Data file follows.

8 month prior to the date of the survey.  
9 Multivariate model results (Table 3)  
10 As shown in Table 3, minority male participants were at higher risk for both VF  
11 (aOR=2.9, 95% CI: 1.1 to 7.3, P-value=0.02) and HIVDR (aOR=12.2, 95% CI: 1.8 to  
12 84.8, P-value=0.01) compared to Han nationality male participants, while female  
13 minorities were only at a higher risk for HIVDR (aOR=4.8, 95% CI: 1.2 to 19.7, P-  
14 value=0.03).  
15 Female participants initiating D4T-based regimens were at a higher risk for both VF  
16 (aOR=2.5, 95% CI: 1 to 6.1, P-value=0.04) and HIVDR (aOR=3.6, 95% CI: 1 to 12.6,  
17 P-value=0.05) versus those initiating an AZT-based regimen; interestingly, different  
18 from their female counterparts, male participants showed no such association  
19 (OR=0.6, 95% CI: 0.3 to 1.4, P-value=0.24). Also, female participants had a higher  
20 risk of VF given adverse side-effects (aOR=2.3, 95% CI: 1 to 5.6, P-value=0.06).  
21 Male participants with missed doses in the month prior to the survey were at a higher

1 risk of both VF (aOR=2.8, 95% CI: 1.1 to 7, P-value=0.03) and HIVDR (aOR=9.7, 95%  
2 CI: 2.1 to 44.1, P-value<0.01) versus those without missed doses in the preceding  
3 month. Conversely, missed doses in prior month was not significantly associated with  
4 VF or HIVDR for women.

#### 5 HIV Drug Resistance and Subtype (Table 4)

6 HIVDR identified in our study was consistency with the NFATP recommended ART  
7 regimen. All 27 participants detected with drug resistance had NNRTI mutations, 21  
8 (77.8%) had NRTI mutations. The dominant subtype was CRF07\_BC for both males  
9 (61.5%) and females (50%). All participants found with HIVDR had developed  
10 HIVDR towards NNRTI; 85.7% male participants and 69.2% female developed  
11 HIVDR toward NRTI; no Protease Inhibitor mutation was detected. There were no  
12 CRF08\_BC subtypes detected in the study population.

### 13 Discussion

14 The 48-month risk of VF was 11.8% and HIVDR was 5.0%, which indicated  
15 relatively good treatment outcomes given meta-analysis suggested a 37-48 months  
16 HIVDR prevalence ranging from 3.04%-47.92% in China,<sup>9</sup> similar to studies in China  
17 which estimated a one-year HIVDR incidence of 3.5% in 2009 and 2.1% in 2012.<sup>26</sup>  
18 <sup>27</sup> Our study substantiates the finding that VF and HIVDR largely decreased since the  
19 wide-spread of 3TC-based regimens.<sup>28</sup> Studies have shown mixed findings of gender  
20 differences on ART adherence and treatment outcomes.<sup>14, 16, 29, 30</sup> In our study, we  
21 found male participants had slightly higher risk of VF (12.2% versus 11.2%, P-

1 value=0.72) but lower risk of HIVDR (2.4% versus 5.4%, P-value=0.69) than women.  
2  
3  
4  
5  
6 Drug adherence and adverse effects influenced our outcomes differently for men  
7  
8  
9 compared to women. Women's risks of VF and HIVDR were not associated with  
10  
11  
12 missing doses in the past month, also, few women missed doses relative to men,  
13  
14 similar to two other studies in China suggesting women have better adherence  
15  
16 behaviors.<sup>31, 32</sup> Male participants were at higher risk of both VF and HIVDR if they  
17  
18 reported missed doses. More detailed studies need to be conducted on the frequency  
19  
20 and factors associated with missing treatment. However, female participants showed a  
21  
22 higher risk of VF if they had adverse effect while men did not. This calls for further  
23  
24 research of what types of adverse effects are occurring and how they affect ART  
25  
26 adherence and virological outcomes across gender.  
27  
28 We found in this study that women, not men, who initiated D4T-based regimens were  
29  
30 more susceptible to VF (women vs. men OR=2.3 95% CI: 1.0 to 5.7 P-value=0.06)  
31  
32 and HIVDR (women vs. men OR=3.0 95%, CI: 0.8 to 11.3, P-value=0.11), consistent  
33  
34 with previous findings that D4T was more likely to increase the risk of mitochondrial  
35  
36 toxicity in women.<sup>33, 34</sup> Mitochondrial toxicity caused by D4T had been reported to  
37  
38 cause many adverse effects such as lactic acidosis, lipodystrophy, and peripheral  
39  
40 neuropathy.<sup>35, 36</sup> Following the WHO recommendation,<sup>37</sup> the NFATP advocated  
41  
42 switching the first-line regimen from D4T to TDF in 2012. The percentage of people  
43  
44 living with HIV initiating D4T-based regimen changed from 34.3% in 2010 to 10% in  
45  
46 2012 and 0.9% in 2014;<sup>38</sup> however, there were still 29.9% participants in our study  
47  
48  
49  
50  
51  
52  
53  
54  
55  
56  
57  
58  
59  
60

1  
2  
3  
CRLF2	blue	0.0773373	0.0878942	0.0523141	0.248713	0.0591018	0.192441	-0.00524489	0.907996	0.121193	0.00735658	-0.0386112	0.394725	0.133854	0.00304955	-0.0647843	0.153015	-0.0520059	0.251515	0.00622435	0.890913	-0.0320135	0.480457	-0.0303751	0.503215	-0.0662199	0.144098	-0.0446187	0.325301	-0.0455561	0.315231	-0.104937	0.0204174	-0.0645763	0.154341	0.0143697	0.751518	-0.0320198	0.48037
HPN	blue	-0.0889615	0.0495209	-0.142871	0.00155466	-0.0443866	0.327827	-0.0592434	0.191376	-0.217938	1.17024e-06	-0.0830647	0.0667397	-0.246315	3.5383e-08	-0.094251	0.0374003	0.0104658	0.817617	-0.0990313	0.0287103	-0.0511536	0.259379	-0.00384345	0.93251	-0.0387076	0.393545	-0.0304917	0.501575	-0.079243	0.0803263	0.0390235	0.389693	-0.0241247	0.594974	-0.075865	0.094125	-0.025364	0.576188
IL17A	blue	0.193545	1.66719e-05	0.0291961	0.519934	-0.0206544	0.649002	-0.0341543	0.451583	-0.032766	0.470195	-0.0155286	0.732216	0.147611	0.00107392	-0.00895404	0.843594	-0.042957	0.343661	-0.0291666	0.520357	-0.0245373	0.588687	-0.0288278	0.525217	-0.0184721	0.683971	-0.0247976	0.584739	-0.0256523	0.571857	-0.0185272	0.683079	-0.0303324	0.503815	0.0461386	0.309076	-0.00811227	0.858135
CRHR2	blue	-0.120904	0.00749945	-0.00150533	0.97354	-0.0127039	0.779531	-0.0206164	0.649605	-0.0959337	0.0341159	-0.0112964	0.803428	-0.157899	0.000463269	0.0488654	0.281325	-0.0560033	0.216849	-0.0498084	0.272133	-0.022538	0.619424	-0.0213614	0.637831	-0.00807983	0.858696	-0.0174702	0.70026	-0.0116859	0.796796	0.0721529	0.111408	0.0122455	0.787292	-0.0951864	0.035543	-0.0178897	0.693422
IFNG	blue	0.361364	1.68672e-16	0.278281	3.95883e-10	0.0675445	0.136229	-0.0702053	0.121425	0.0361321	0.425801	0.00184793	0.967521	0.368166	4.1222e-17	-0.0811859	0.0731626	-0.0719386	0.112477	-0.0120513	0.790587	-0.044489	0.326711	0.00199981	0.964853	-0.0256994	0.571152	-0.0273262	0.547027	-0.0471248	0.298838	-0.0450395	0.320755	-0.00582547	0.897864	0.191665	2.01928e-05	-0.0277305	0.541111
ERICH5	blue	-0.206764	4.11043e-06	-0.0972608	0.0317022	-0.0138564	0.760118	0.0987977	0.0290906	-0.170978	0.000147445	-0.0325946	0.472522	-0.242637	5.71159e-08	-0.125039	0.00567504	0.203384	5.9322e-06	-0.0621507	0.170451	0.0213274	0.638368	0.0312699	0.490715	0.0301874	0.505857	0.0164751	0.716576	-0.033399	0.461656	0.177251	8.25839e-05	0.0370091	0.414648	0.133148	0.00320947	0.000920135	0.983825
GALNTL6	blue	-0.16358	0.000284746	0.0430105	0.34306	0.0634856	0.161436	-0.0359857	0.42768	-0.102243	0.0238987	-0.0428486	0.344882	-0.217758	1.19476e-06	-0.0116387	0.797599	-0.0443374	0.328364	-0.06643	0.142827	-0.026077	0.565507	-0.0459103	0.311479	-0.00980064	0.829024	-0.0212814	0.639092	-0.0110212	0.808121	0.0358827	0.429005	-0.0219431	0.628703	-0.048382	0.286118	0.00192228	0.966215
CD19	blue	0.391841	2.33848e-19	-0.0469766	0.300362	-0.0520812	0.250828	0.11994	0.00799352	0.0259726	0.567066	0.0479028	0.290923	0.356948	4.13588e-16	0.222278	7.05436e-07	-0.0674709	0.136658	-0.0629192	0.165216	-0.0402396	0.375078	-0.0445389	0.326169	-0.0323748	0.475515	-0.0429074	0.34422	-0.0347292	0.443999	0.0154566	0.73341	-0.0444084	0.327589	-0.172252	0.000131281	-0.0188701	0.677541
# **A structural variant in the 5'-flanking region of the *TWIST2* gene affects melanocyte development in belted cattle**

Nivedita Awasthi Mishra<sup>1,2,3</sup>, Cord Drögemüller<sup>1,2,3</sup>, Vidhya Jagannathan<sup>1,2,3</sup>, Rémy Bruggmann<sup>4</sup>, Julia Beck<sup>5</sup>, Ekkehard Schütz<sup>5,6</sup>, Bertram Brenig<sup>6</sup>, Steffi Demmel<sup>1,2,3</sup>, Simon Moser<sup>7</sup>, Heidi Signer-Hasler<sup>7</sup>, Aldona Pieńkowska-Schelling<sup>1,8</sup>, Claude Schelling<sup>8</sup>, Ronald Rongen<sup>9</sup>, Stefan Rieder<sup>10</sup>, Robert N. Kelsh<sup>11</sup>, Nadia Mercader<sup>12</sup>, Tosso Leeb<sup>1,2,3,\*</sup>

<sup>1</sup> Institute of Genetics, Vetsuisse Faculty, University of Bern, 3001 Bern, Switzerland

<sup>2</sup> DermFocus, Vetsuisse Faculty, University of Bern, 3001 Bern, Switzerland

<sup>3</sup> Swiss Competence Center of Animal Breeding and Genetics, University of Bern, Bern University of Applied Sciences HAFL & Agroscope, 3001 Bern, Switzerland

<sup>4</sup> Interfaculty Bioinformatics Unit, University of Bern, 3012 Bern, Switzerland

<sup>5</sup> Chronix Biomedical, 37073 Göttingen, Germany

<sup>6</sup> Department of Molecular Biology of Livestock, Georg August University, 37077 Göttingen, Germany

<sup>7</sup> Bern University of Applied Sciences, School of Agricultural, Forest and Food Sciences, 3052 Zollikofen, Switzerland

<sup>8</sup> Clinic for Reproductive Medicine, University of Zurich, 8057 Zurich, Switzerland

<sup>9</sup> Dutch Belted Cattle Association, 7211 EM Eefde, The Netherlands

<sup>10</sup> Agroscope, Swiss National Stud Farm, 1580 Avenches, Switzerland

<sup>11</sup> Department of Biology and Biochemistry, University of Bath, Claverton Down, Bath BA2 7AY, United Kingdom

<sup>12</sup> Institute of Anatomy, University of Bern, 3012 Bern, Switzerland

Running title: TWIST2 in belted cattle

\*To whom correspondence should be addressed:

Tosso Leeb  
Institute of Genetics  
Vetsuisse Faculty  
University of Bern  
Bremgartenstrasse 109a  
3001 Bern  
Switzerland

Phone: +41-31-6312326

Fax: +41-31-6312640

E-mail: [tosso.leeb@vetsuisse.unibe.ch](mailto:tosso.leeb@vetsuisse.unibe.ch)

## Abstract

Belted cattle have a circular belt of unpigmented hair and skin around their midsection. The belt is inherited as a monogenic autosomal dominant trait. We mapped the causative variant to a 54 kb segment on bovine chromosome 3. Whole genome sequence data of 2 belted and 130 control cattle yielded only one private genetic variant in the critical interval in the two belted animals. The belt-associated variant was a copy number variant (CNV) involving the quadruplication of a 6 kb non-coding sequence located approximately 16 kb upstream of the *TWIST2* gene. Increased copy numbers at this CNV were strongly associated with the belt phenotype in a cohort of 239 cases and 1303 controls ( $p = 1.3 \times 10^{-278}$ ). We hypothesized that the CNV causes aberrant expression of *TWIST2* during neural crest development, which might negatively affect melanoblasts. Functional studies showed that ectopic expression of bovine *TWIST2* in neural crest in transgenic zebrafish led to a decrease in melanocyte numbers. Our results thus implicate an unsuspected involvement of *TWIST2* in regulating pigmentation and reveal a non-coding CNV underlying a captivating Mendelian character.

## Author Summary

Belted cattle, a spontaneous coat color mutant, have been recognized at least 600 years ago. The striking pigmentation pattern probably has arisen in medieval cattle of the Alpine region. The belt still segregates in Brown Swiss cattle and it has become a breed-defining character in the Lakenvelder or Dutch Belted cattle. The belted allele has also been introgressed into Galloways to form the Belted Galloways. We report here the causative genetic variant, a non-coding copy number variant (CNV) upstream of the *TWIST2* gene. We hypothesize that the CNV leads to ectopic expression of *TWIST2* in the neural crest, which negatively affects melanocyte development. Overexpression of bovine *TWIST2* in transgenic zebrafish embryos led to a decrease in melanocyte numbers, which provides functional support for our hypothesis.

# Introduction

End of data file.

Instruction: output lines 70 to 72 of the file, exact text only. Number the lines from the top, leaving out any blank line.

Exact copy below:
35  
36 toxicity in women.<sup>33, 34</sup> Mitochondrial toxicity caused by D4T had been reported to  
37  